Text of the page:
The New Adventures of Michael Shayne being set in New Orleans seemed contractually obliged to tell a "loup-garou" story and they got it over with early in 1948. It has lively performances by Jeff Chandler & Jack Webb, but the plot is nuts.
There are two western programs involving werewolf hoaxes: the Challenge of the Yukon's "Trail of the Werewolf" from 1949 and Wild Bill Hickok's "The Wolf of Ghost Mountain" from 1952. Both are juvenile westerns with simple hoax plots.
Finally, Escape ventured into the bayou with their 1952 episode "Loup-Garou," wherein a man is accused of being a werewolf by a hateful mob; the play was performed again as a 1956 episode of Romance which is in much better condition than the earlier version.
Appropriately, we begin with the Witch's Tale; unlike many of the later horror programs (such as Inner Sanctum Mysteries or the Mysterious Traveler), the Witch's Tale never shied from the supernatural. Unfortunately, surviving episodes tend to be of very poor sound quality, sound effects are minimal, performances are flat and there's very little tension. Placing only that aside, we have the 1935 rendition of "the Werewolf" (earlier versions are lost) in which the course of true love never did run smoothly; two young lovers are torn apart by the fact that the young man tears people apart at night when he becomes a wolf.
Much later we have 1942's Dark Fantasy and "W is for Werewolf." Dark Fantasy is not a very distinguished program but it told its rather pulpy stories well. Like the Shadow episode I described above, this involves a man locking up his supposed-werewolf son - only this time, it's the real thing!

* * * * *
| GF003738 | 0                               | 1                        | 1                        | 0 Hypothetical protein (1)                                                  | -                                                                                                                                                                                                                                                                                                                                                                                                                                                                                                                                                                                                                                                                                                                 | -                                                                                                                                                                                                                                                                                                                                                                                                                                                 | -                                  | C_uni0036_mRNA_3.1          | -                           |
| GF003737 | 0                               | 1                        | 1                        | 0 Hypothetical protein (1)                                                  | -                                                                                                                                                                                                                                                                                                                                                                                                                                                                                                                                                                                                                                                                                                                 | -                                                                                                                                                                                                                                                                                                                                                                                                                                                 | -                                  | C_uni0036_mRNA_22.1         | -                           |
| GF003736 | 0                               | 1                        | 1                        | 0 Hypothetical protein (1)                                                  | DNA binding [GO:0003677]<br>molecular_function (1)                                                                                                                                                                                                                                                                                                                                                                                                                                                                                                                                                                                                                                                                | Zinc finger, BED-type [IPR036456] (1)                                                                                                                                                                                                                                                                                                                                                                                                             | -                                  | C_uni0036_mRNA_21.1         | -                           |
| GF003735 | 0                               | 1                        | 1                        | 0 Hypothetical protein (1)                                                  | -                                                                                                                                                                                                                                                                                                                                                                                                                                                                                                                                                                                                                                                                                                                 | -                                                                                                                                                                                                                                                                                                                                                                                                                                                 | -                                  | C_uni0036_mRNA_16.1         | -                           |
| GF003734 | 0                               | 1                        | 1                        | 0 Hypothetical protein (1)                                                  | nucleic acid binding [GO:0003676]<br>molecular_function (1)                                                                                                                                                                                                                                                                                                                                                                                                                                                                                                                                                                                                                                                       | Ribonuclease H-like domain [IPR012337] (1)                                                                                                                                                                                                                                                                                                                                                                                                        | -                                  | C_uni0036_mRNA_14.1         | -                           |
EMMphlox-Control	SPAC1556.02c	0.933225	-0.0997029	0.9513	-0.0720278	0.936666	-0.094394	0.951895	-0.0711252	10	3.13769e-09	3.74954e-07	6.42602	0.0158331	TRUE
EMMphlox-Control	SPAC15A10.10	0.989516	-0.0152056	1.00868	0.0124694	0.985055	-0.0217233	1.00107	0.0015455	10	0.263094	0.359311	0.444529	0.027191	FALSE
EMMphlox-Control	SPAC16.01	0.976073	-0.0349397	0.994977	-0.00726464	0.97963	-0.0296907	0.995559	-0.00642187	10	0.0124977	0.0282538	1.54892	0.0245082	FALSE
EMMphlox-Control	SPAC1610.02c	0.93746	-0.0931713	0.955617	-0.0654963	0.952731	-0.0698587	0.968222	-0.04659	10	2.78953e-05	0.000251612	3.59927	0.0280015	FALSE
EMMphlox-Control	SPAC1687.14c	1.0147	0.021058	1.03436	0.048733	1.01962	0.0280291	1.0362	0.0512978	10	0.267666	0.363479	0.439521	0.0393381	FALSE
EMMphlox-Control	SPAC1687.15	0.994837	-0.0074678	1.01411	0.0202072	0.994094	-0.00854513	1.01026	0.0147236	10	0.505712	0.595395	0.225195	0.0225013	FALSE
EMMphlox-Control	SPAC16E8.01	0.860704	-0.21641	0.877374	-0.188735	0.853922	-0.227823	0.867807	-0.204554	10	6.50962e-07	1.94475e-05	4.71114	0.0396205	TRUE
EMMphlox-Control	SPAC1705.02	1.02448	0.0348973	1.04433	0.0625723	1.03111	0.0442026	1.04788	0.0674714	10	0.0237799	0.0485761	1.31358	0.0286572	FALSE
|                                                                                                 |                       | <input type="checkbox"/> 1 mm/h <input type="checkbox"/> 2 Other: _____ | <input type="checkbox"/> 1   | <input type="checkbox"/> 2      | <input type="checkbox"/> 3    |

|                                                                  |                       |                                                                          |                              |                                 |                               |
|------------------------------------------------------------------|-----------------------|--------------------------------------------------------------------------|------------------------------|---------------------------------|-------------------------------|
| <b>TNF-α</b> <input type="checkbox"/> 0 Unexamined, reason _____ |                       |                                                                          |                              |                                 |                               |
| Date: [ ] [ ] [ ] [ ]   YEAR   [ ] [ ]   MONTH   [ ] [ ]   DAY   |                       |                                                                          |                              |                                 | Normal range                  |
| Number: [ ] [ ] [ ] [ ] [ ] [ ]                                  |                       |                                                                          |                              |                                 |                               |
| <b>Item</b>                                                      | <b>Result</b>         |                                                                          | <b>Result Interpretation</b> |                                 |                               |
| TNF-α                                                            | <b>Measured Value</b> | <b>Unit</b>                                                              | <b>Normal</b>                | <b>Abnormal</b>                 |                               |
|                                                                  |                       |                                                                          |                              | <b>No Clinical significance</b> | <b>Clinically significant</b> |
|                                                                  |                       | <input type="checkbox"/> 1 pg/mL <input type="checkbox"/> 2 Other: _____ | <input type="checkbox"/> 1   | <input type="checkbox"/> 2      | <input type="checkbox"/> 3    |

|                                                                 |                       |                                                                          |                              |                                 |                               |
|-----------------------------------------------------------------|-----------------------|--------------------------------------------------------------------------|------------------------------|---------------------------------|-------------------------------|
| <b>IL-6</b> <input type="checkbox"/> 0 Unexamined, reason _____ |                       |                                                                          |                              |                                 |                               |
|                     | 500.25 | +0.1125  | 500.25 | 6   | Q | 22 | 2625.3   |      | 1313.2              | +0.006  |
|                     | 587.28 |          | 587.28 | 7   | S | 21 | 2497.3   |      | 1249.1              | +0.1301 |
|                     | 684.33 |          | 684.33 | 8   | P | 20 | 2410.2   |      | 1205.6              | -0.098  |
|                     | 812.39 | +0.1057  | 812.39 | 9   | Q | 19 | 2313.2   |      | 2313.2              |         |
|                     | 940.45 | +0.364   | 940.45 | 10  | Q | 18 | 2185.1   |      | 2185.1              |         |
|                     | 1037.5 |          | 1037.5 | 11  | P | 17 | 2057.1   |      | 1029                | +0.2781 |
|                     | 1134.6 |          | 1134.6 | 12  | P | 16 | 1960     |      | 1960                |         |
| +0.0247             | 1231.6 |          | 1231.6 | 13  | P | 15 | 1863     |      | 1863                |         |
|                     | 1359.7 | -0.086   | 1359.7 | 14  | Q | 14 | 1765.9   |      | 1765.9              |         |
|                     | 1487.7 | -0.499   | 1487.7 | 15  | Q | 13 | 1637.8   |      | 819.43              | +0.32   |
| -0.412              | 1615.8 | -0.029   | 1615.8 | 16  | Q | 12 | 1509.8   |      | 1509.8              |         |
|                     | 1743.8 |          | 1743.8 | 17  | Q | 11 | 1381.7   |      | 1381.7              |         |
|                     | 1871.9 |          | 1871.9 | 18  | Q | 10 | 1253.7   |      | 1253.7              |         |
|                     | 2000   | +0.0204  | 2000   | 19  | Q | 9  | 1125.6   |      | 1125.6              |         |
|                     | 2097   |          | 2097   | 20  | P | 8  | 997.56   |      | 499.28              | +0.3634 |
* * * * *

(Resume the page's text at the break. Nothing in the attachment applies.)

Sadly, very few episodes of Creeps by Night have survived and their audio quality tends to be very poor; considering the show used both Bela Lugosi & Boris Karloff it's quite a loss to classic horror fans! However, we still have 1944's "the Hunt," a story where people toss around the "w" word at each other - but who is the werewolf who's been terrorizing the area?
The Weird Circle didn't have the best actors in radio, but they adapted their material from some of the best classic horror fiction so it's a show of interest to all fans of radio horror. Their 1944 episode "the Werewolf" is adapted from a passage in Frederick Marryat novel the Phantom Ship, involving a woodsman who takes a new wife whose hobbies include hunting at night in the form of a wolf. Should've had a pre-nup.
Special thanks to Ian Griev for pointing out this quick story from 1945's Strange Adventure; in "Werewolf Island," a wolf has been devouring sheep and the beast appears so intelligent that people suspect it's a werewolf!
Werewolf fans frequently cite the 1946 Suspense episode "The House in Cypress Canyon" as a werewolf program, even though the term never appears. It's actually to the show's benefit to not explain too much about what exactly the horror is - but if you like werewolf stories, this one delivers big time!
Finally, in 1957 comedian Stan Freberg threw the films I Was a Teenage Werewolf and The Man in the Gray Flannel Suit into a blender and came up with an episode of the Stan Freberg Show with the hilarious skit "A Gray Flannel Hat Full of Teenage Werewolves." It concerns a werewolf who is cursed to become an advertising executive by day!
Thank you for checking out this list!